Meaning for Nerds

I thought there were a lot of strange statements (assertions, even) in this review in the New Statesman of a book by some fella named Baggini. Never mind who wrote the book in question, in fact never mind the book itself, which I haven’t read. The point is these odd statements or assertions, which kind of stand alone (which is part of the problem with them, if there is one). They’re odd because Edward Skidelsky (for it is he) doesn’t say why they’re true, why he thinks they’re true, why we should believe them, and because one can instantly think of counter-examples that make them seem quite dubious.

We may be free to give our life any meaning we choose, but this meaning is “valid” only in so far as it is recognised by others. Not for us the insouciance of Bunyan’s pilgrim, who, secure in his love of God, could afford to “care not what men say”. We care desperately what men – and women – say, because there is no longer any higher court of appeal. Failure in this world is absolute. The checkout girl is just a checkout girl, the tramp just a tramp…The terrors of hell have been replaced by the terrors of social and sexual failure.

Well, hang on. Is that true? Who says? Is it really true that if we don’t believe in a deity as a higher court of appeal, we therefore care desperately what people say? And is it really true that we care more than people did who believed (and do who believe) in that deity? Is it really true that in more unquestioningly theistic times, people did not care about social and sexual failure? I can think of a few plays, poems, novels, philosophical dialogues, essays and the like from religious periods, written by believers, that would seem to indicate people cared quite a lot about such things at the very same time as they believed in a deity. The peasant was just a peasant, the servant was just a servant – the curate was just a curate, the doctor was a mere doctor, and so on and so on. Read a single page of Austen or Fielding or Shakespeare or Chaucer or Homer and then try to claim that caring about social status is a novelty.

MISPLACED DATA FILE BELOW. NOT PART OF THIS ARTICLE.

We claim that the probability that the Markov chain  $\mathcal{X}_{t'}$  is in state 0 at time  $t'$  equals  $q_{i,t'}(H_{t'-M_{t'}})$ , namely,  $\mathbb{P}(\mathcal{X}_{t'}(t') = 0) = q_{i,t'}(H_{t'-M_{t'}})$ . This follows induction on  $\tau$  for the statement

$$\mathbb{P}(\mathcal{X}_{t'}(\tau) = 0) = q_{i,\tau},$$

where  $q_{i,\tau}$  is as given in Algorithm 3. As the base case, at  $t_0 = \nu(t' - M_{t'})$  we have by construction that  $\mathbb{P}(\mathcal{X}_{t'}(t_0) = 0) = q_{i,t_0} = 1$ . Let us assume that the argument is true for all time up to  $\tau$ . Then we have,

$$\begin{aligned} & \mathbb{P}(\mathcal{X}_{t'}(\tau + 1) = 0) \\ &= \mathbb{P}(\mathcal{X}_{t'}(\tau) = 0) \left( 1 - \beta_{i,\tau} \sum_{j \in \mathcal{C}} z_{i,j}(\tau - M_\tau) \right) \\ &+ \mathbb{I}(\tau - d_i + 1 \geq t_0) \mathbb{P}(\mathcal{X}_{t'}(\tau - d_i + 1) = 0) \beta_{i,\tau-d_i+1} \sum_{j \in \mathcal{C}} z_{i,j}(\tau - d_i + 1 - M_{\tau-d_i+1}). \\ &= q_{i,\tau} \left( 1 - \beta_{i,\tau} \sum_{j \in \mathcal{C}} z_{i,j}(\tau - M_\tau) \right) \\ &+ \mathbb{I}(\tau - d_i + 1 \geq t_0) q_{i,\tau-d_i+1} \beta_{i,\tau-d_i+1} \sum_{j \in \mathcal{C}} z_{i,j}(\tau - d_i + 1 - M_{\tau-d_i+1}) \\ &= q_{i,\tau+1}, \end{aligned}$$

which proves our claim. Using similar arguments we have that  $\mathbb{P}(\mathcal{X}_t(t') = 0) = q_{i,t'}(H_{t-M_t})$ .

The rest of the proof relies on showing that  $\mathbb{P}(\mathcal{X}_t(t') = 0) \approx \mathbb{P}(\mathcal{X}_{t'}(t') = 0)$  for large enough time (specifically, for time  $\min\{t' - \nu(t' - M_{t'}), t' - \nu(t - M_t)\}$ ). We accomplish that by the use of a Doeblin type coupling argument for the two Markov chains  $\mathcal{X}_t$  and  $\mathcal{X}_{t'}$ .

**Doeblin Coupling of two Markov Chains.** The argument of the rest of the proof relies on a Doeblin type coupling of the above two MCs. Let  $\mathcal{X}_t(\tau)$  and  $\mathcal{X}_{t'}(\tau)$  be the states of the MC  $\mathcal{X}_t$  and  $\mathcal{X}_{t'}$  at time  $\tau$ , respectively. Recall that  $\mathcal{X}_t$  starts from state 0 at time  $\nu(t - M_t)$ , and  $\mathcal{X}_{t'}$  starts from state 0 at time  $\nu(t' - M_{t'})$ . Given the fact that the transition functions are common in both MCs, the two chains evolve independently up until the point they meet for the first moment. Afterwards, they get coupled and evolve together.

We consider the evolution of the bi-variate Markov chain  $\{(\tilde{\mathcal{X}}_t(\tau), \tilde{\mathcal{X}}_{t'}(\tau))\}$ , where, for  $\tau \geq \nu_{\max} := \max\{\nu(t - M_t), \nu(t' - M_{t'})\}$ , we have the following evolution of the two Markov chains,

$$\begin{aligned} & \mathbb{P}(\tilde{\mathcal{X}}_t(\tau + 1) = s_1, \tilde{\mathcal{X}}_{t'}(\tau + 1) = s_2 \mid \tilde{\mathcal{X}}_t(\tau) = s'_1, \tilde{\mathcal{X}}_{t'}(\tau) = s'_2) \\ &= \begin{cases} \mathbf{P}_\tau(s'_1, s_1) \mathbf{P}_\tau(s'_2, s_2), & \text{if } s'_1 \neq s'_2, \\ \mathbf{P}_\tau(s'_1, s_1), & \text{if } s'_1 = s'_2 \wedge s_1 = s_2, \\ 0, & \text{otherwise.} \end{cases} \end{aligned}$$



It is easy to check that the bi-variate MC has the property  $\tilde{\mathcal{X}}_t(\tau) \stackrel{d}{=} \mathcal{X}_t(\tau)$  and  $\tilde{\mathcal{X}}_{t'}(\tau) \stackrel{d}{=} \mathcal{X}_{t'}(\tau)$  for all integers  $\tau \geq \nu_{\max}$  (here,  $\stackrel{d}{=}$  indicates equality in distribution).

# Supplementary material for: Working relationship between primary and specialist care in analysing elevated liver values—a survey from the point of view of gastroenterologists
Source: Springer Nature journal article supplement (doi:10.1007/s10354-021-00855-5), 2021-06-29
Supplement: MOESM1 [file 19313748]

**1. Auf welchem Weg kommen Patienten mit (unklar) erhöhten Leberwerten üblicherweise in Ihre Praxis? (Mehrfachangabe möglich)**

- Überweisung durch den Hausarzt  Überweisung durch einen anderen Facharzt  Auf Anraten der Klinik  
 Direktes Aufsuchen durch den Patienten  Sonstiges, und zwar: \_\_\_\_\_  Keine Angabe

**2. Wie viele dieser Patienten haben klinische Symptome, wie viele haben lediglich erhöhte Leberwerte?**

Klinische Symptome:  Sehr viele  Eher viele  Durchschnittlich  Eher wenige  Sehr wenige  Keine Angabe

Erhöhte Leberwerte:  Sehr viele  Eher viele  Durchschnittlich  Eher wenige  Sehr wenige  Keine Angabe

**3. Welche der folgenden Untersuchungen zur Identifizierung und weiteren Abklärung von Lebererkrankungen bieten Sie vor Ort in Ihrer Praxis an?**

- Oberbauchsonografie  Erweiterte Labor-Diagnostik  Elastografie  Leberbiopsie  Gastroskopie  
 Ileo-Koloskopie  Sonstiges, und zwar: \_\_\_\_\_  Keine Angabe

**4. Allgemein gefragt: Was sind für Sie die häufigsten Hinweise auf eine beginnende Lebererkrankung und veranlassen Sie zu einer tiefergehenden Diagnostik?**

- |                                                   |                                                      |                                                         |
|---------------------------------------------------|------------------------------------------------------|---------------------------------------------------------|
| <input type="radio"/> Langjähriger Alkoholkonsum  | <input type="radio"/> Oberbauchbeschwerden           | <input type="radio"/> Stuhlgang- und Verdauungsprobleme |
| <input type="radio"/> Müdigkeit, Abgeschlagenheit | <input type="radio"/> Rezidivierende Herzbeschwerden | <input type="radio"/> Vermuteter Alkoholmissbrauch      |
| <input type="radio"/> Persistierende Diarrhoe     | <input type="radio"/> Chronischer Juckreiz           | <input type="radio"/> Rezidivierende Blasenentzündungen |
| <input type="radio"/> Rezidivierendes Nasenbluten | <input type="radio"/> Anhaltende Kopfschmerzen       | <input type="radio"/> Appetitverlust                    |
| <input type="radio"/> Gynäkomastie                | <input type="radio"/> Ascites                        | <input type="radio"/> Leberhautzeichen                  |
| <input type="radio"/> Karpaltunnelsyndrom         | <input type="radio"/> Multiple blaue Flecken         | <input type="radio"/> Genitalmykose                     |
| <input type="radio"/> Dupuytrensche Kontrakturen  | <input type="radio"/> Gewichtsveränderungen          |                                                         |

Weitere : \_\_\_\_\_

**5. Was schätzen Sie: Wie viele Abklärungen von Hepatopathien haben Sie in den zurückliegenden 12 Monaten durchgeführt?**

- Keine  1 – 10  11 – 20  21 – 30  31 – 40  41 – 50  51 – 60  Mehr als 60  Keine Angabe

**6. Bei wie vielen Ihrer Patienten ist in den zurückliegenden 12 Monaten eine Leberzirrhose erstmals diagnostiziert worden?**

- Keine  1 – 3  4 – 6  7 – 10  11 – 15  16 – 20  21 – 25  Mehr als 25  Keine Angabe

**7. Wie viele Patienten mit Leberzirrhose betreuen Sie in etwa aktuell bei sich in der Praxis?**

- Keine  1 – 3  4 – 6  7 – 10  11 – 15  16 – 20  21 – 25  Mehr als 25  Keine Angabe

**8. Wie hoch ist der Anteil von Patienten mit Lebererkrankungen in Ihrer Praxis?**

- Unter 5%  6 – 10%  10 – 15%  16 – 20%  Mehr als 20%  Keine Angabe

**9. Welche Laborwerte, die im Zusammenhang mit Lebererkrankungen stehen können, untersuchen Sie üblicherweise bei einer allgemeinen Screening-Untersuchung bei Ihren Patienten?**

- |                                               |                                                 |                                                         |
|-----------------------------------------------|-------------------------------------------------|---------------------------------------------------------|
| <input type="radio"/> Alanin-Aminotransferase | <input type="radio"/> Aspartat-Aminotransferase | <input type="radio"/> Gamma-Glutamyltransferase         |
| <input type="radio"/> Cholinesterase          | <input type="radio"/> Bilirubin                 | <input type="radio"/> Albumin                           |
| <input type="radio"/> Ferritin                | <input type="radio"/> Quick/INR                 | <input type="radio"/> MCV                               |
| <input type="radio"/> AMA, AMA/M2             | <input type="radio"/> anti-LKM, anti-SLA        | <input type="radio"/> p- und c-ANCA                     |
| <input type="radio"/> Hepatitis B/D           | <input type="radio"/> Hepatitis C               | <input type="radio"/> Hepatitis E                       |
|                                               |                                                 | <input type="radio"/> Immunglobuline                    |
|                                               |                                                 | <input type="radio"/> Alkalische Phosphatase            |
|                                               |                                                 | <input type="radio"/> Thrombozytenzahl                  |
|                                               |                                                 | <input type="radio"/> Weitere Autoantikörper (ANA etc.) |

Remove the transcendental perspective, however, and why should anyone want to be anything other than what society deems valuable? If value is not cosmic, then it is social. The alternative to God is not a world of self-creating Nietzschean supermen, but universal conformity.

Same thing. One, is that true? Two, does history offer any evidence that it’s true? If so, what?

Even apart from the historical question, I don’t see why it should be true. Sure, I can see why social status and What People Say is one source of meaning, but I don’t see why it should be the only one apart from transcendent ones, and Skidelsky never bothers to spell it out. Another case of taking something to be self-evident that isn’t, I guess. He’s convinced of it in his own head, maybe, and doesn’t realize that we might not be, that we might require something further by way of explanation or justification in order to see what he means and possibly agree. (Of course, that may be partly because I’m deeply nerdy myself and I really don’t care What People Say,* but what of that? The world is full of deeply nerdy people. It’s possible that all people are deeply nerdy. That’s sort of a version of the Other Minds problem. We all have the same problem [that’s why it’s a problem], and in that sense we all are nerds, aren’t we. So why not make the most of it and accept our own self-created meanings? Eh? No reason, and to a considerable extent we do.) What of sources of meaning that are neither conformist and status-anxious nor transcendent? What of politics, various kinds of reform, art, learning, sport, adventure, travel? What of philanthropy, the built environment, nature, agriculture, astronomy, engineering, medicine? Don’t people find meaning in all those activities and others like them? Do any of them necessarily entail conformity or status-anxiety? Do not many of them indeed entail their opposites? Independent-mindedness and carelessness of self come in handy for those things, after all.

None of this would matter particularly, except that reducing the possibilities in that way is (surely) one way of trying to persuade people that religion is necessary. And a rather bogus way at that. It’s that old false dichotomy we’re always having shoved at us – without God there is no morality/no meaning/no arbiter of truth/no motivation to feel guilt/no difference between right and wrong. That’s a bad way to argue about facts, as we know, but it’s also not true.

*Yes I know, JS, just never mind, writing doesn’t count, that’s a different kind of thing. Yes it is. Is too. Is.

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